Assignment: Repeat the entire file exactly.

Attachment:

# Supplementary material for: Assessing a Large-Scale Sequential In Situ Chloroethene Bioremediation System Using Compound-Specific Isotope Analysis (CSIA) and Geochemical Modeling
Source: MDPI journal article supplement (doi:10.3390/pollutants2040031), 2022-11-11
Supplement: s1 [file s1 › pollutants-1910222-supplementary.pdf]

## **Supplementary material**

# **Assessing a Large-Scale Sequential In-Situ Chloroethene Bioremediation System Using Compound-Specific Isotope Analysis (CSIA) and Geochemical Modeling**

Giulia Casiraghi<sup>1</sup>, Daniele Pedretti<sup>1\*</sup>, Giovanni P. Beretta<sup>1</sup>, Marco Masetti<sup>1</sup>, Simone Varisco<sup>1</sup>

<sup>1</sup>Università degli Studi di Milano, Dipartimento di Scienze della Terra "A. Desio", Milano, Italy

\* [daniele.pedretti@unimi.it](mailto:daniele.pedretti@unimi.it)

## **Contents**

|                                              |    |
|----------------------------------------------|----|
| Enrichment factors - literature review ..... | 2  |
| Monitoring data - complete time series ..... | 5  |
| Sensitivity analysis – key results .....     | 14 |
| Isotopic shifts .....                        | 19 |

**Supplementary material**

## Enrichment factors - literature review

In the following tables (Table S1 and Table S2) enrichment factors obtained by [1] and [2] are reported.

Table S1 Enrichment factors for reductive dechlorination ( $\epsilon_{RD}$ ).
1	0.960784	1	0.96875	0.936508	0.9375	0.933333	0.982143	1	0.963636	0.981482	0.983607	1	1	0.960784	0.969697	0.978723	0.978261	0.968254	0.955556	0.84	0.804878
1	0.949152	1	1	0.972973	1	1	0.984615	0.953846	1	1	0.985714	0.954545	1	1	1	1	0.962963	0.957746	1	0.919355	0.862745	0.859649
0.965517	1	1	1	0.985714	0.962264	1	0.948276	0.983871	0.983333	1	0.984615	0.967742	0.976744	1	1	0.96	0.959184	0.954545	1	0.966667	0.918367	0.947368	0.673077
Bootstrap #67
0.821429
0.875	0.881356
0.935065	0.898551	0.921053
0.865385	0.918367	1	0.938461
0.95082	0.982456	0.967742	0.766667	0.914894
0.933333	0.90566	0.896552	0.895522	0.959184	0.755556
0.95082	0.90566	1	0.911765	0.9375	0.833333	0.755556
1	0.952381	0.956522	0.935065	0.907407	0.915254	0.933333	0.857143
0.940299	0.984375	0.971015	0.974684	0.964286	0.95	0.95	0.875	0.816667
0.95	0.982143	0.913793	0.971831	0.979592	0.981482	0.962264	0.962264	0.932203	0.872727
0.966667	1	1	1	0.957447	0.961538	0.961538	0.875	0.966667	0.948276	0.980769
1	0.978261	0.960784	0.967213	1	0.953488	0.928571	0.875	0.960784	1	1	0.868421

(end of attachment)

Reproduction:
# Supplementary material for: Assessing a Large-Scale Sequential In Situ Chloroethene Bioremediation System Using Compound-Specific Isotope Analysis (CSIA) and Geochemical Modeling
Source: MDPI journal article supplement (doi:10.3390/pollutants2040031), 2022-11-11
Supplement: s1 [file s1 › pollutants-1910222-supplementary.pdf]

## **Supplementary material**

# **Assessing a Large-Scale Sequential In-Situ Chloroethene Bioremediation System Using Compound-Specific Isotope Analysis (CSIA) and Geochemical Modeling**

Giulia Casiraghi<sup>1</sup>, Daniele Pedretti<sup>1\*</sup>, Giovanni P. Beretta<sup>1</sup>, Marco Masetti<sup>1</sup>, Simone Varisco<sup>1</sup>

<sup>1</sup>Università degli Studi di Milano, Dipartimento di Scienze della Terra "A. Desio", Milano, Italy

\* [daniele.pedretti@unimi.it](mailto:daniele.pedretti@unimi.it)

## **Contents**

|                                              |    |
|----------------------------------------------|----|
| Enrichment factors - literature review ..... | 2  |
| Monitoring data - complete time series ..... | 5  |
| Sensitivity analysis – key results .....     | 14 |
| Isotopic shifts .....                        | 19 |

**Supplementary material**

## Enrichment factors - literature review

In the following tables (Table S1 and Table S2) enrichment factors obtained by [1] and [2] are reported.

Table S1 Enrichment factors for reductive dechlorination ( $\epsilon_{RD}$ ).
1	0.960784	1	0.96875	0.936508	0.9375	0.933333	0.982143	1	0.963636	0.981482	0.983607	1	1	0.960784	0.969697	0.978723	0.978261	0.968254	0.955556	0.84	0.804878
1	0.949152	1	1	0.972973	1	1	0.984615	0.953846	1	1	0.985714	0.954545	1	1	1	1	0.962963	0.957746	1	0.919355	0.862745	0.859649
0.965517	1	1	1	0.985714	0.962264	1	0.948276	0.983871	0.983333	1	0.984615	0.967742	0.976744	1	1	0.96	0.959184	0.954545	1	0.966667	0.918367	0.947368	0.673077
Bootstrap #67
0.821429
0.875	0.881356
0.935065	0.898551	0.921053
0.865385	0.918367	1	0.938461
0.95082	0.982456	0.967742	0.766667	0.914894
0.933333	0.90566	0.896552	0.895522	0.959184	0.755556
0.95082	0.90566	1	0.911765	0.9375	0.833333	0.755556
1	0.952381	0.956522	0.935065	0.907407	0.915254	0.933333	0.857143
0.940299	0.984375	0.971015	0.974684	0.964286	0.95	0.95	0.875	0.816667
0.95	0.982143	0.913793	0.971831	0.979592	0.981482	0.962264	0.962264	0.932203	0.872727
0.966667	1	1	1	0.957447	0.961538	0.961538	0.875	0.966667	0.948276	0.980769
1	0.978261	0.960784	0.967213	1	0.953488	0.928571	0.875	0.960784	1	1	0.868421